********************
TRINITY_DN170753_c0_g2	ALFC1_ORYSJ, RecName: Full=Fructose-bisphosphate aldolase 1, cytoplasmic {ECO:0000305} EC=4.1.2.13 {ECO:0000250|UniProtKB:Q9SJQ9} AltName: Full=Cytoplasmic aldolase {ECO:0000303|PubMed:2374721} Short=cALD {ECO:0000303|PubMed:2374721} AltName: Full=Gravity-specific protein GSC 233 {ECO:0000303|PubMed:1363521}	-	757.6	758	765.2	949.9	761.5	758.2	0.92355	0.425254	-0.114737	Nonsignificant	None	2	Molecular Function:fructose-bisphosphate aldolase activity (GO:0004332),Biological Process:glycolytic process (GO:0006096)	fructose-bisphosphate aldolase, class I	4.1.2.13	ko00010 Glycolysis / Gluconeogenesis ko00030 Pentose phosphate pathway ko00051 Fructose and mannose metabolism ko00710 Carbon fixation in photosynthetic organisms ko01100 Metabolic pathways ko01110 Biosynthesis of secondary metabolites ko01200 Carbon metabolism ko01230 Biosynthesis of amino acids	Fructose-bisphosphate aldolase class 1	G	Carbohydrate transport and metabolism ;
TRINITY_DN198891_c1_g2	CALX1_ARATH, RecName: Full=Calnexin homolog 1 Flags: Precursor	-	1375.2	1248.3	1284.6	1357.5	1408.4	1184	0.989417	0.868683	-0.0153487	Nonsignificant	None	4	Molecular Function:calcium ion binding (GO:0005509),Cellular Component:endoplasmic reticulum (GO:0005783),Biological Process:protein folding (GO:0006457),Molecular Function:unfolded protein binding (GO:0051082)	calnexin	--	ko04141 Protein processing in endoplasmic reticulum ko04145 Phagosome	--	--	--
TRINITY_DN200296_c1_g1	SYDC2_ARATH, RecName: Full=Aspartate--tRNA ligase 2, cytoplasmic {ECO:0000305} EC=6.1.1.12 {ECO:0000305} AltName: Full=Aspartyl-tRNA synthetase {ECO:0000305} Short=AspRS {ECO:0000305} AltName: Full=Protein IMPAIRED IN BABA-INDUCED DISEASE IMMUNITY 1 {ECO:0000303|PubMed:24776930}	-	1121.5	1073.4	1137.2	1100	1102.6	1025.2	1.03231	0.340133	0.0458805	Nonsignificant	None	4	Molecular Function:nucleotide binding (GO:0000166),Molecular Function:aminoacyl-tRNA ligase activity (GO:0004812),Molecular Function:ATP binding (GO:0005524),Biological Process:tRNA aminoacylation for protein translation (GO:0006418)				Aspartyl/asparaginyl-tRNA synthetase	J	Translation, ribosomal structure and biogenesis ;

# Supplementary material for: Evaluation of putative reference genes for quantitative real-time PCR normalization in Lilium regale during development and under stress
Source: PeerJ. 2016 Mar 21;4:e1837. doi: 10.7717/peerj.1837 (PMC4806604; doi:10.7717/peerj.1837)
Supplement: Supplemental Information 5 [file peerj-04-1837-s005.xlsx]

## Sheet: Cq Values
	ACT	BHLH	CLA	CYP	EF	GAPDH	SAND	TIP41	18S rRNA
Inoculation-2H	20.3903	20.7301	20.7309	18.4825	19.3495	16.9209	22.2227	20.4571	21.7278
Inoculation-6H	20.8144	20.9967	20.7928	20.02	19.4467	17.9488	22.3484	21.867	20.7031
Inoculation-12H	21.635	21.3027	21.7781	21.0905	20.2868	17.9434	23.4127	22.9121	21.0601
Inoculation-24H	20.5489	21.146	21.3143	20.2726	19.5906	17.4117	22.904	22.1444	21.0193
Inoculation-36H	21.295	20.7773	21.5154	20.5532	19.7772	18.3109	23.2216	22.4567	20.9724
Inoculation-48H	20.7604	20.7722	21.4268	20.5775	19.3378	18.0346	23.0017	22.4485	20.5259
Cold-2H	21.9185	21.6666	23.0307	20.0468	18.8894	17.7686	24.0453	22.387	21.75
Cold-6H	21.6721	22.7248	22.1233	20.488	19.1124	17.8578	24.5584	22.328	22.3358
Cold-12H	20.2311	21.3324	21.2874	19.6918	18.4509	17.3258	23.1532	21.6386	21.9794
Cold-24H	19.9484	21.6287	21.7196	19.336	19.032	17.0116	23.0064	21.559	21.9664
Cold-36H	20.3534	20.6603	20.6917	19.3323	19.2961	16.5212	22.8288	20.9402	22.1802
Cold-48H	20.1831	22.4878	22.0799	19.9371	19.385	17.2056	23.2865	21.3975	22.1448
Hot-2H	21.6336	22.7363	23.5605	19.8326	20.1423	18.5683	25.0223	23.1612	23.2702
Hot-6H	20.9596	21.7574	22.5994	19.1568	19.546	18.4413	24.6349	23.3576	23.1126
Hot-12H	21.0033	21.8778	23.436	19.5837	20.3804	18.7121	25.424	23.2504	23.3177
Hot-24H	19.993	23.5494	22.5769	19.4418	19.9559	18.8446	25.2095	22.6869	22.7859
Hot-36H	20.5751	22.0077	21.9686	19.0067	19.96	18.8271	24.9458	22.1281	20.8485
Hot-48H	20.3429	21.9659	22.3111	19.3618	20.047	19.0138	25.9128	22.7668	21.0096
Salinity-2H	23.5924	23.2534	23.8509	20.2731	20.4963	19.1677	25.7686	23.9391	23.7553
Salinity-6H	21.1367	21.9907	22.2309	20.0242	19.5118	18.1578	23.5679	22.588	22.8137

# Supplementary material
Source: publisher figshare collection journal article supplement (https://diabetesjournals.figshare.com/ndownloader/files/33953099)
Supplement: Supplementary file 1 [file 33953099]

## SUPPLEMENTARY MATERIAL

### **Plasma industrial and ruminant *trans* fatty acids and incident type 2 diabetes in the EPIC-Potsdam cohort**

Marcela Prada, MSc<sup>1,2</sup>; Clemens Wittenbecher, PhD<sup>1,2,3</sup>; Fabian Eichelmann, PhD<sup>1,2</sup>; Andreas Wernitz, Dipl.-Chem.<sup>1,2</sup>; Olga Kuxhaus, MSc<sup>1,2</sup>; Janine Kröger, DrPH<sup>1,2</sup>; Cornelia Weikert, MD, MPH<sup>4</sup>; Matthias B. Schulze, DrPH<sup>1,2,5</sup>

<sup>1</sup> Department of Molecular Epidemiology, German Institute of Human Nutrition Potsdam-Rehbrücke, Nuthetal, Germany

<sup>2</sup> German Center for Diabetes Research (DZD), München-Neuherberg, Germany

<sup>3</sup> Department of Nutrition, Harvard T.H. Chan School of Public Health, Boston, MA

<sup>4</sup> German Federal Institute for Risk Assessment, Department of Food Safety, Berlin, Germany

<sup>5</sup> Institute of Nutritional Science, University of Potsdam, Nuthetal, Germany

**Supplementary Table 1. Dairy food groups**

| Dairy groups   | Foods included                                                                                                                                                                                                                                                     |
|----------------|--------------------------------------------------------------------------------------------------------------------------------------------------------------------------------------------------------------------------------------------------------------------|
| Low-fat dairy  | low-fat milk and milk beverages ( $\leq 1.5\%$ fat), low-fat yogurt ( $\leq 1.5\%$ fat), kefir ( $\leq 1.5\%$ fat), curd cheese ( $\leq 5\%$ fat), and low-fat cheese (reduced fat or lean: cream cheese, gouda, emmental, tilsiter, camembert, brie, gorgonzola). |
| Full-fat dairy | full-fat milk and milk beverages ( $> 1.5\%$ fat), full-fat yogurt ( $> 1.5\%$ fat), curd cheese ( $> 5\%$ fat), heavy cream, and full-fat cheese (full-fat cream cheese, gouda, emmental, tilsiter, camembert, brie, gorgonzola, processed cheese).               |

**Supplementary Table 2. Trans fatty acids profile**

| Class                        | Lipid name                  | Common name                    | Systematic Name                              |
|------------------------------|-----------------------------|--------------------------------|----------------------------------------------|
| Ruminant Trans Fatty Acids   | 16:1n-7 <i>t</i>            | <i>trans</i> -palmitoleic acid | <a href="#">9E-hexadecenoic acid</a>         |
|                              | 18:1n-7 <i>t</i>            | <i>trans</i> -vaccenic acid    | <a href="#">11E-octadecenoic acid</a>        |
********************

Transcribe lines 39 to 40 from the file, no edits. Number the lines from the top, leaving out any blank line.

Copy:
<sup>5</sup> Institute of Nutritional Science, University of Potsdam, Nuthetal, Germany

**Supplementary Table 1. Dairy food groups**